Title:
METHODS FOR IMPROVING GUT HEALTH
Kind Code:
A1


Abstract:
The present invention provides methods for improving gut health. In particular, the invention provides methods for improving gut health by improving the digestibility of dietary proteins, decreasing the flow of protein to the lower gastrointestinal tract, and/or decreasing the levels of Clostridium bacteria the upper intestinal tract of a subject. The methods comprise administering to the subject a supplement consisting essentially of at least one protease.



Inventors:
Knight, Chris D. (St. Charles, MO, US)
Dibner, Julia J. (St. Charles, MO, US)
Yan, Fenglan (St. Charles, MO, US)
Application Number:
14/278721
Publication Date:
09/04/2014
Filing Date:
05/15/2014
Assignee:
NOVUS INTERNATIONAL, INC. (St. Charles, MO, US)
Primary Class:
Other Classes:
424/94.65, 424/94.66, 424/94.67, 424/94.63
International Classes:
A61K38/48; A23K1/00; A23K1/165
View Patent Images:



Primary Examiner:
PYLA, PAUL D
Attorney, Agent or Firm:
POLSINELLI PC (900 WEST 48TH PLACE SUITE 900, KANSAS CITY, MO, 64112-1895, US)
Claims:
What is claimed is:

1. A method for improving feed efficiency, the method comprising modifying a standard diet to contain less protein, and supplementing the modified diet with at least one protease.

2. The method of claim 1, wherein the standard diet is modified by replacing a mass of a protein supplement with an equivalent mass of a grain.

3. The method of claim 1, wherein the modified diet contains up to 10% less protein than the standard diet.

4. The method of claim 1, wherein the protease is chosen from an aspartic protease, asparagine protease, cysteine protease, glutamic protease, metalloprotease, serine protease, threonine protease, or a combination thereof.

5. The method of claim 4, wherein the concentration of the protease is from about 0.0001% to about 1.0% by weight of the diet.

6. The method of claim 1, wherein the protease comprises a biomass isolated from Bacillus.

7. The method of claim 6, wherein the concentration of the protease is from about 0.005% to about 0.5% by weight of the diet.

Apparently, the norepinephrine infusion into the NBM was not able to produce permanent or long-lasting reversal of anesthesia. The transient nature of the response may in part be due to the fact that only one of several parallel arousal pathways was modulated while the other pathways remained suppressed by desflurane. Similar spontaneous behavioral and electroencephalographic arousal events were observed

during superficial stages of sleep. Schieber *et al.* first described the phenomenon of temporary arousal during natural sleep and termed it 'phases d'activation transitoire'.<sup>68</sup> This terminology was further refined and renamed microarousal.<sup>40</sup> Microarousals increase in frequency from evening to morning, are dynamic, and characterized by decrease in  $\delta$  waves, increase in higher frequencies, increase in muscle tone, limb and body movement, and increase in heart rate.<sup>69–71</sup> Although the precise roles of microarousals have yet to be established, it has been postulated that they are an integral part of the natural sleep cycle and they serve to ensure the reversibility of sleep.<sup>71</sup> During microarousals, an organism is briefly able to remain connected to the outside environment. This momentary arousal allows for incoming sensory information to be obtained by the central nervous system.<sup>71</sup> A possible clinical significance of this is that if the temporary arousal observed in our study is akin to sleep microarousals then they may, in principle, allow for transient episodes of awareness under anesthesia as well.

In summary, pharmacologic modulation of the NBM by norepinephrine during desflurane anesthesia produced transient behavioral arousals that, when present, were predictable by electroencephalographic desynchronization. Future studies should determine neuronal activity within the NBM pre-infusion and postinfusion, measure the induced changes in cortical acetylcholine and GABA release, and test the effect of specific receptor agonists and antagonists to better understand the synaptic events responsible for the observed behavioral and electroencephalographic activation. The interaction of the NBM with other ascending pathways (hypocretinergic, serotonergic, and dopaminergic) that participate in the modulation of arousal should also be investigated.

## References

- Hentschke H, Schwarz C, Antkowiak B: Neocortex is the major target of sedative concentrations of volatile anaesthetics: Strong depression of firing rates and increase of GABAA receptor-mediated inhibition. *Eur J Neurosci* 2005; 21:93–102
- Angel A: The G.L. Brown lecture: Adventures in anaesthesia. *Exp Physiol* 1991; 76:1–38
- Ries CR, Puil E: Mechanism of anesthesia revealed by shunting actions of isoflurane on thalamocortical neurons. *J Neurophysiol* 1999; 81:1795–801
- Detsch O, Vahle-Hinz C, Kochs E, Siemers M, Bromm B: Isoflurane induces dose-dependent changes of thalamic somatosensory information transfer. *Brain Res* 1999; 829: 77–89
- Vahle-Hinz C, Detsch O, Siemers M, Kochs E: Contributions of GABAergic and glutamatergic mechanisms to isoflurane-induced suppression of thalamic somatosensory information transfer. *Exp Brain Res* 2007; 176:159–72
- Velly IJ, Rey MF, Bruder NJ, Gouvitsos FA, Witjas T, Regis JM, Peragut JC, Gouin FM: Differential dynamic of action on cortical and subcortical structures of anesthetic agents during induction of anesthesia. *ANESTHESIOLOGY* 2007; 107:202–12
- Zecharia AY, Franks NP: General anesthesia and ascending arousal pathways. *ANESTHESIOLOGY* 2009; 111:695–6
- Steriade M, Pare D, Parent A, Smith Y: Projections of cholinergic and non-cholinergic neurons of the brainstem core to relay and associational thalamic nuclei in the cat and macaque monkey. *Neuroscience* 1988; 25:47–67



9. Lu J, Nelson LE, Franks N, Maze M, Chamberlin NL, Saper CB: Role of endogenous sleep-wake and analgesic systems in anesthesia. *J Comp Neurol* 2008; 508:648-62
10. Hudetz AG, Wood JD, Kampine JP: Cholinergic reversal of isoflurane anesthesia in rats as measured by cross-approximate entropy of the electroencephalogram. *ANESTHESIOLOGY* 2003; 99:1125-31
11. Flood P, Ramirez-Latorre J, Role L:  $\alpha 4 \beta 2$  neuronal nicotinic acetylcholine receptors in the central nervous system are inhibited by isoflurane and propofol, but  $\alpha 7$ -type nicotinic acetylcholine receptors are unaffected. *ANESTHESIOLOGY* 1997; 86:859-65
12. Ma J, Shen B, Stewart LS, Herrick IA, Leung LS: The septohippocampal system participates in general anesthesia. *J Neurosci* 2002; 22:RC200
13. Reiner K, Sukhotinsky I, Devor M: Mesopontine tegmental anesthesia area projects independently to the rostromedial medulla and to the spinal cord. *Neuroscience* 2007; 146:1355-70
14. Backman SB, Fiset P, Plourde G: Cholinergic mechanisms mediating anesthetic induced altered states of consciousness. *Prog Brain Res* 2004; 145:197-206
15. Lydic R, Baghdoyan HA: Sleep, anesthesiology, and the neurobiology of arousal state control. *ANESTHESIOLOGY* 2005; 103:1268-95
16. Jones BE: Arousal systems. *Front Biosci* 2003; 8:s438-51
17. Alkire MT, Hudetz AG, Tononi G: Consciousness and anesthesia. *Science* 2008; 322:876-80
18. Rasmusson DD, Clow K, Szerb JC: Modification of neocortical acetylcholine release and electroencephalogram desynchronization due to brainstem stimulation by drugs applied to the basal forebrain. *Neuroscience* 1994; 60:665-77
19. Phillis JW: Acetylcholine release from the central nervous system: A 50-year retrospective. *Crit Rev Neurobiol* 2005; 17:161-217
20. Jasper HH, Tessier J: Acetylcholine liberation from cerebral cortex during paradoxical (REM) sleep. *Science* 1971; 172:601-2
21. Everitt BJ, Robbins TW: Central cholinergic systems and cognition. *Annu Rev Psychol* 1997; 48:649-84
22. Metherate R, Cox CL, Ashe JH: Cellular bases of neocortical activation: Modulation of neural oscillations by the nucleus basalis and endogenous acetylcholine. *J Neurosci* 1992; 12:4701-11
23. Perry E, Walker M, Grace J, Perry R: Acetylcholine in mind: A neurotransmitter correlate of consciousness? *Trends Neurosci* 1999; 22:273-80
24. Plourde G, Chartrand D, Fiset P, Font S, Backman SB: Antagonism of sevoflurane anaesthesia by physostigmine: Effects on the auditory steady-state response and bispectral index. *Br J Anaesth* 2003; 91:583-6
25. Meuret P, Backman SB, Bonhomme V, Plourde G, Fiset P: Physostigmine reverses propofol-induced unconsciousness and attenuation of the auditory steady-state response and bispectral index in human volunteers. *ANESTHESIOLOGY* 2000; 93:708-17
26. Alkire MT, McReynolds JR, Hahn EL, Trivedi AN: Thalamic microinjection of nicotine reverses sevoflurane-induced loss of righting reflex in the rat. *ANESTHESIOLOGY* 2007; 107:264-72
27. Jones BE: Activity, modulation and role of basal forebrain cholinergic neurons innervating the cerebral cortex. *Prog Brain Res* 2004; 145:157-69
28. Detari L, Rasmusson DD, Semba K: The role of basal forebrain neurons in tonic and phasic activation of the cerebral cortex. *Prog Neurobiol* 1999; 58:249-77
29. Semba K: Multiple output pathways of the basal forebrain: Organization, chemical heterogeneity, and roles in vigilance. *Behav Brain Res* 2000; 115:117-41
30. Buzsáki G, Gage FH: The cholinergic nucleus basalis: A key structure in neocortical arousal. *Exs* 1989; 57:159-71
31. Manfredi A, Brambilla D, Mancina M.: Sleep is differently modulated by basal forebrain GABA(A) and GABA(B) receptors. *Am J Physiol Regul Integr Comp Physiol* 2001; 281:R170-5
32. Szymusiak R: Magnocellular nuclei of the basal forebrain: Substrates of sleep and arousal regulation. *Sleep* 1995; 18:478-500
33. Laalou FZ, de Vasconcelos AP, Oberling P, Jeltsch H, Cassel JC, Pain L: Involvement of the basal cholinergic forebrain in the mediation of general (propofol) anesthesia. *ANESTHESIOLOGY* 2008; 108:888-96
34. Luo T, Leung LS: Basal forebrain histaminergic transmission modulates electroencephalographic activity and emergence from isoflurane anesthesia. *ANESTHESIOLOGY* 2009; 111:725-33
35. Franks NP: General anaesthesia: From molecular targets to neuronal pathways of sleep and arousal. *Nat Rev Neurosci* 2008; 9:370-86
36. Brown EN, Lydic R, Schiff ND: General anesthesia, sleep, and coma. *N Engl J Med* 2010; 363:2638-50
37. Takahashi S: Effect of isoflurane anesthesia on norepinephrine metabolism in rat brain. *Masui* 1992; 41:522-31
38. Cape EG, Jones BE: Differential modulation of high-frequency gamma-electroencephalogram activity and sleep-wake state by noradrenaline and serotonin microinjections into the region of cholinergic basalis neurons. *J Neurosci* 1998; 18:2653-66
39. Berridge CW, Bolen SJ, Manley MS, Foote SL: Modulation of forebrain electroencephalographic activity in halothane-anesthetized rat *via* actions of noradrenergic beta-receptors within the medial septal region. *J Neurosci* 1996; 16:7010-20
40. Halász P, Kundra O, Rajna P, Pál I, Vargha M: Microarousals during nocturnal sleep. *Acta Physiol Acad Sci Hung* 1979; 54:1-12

8. The method of claim 1, wherein the modified diet contains 7.5% or 10% less protein than the standard diet, the protease comprises a biomass isolated from Bacillus, and the concentration of the protease is about 0.05% by weight of the diet.

9. A method for improving feed efficiency, the method comprising administering a reduced-protein diet to a subject in combination with a supplement comprising at least one protease.

10. The method of claim 9, wherein the reduced-protein diet contains up to 10% or less protein that a standard diet.

11. The method of claim 10, wherein the standard diet is modified by replacing a mass of a protein supplement with an equivalent mass of a grain.

12. The method of claim 9, wherein the protease is chosen from an aspartic protease, asparagine protease, cysteine protease, glutamic protease, metalloprotease, serine protease, threonine protease, or a combination thereof.

13. The method of claim 12, wherein the concentration of the protease is from about 0.0001% to about 1.0% by weight of the diet.

14. The method of claim 9, wherein the protease comprises a biomass isolated from Bacillus.

15. The method of claim 14, wherein the concentration of the protease is from about 0.005% to about 0.5% by weight of the diet.

16. The method of claim 9, wherein the subject is chosen from a food animal, a companion animal, a research animal, or a zoo animal.

17. The method of claim 16, wherein the food animal is chosen from poultry, swine, lamb, or beef.

18. The method of claim 17, wherein the poultry is chosen from chicken, duck, game hen, goose, guinea fowl, quail, or turkey.

19. The method of claim 9, wherein the reduced-protein diet has 7.5% or 10% less protein than the subject's standard diet, the protease comprises a biomass isolated from Bacillus, and the concentration of the protease is about 0.05% by weight of the diet.

20. The method of claim 19, wherein the subject has an increased weight gain and an increased performance index relative to a subject administered only the reduced-protein diet.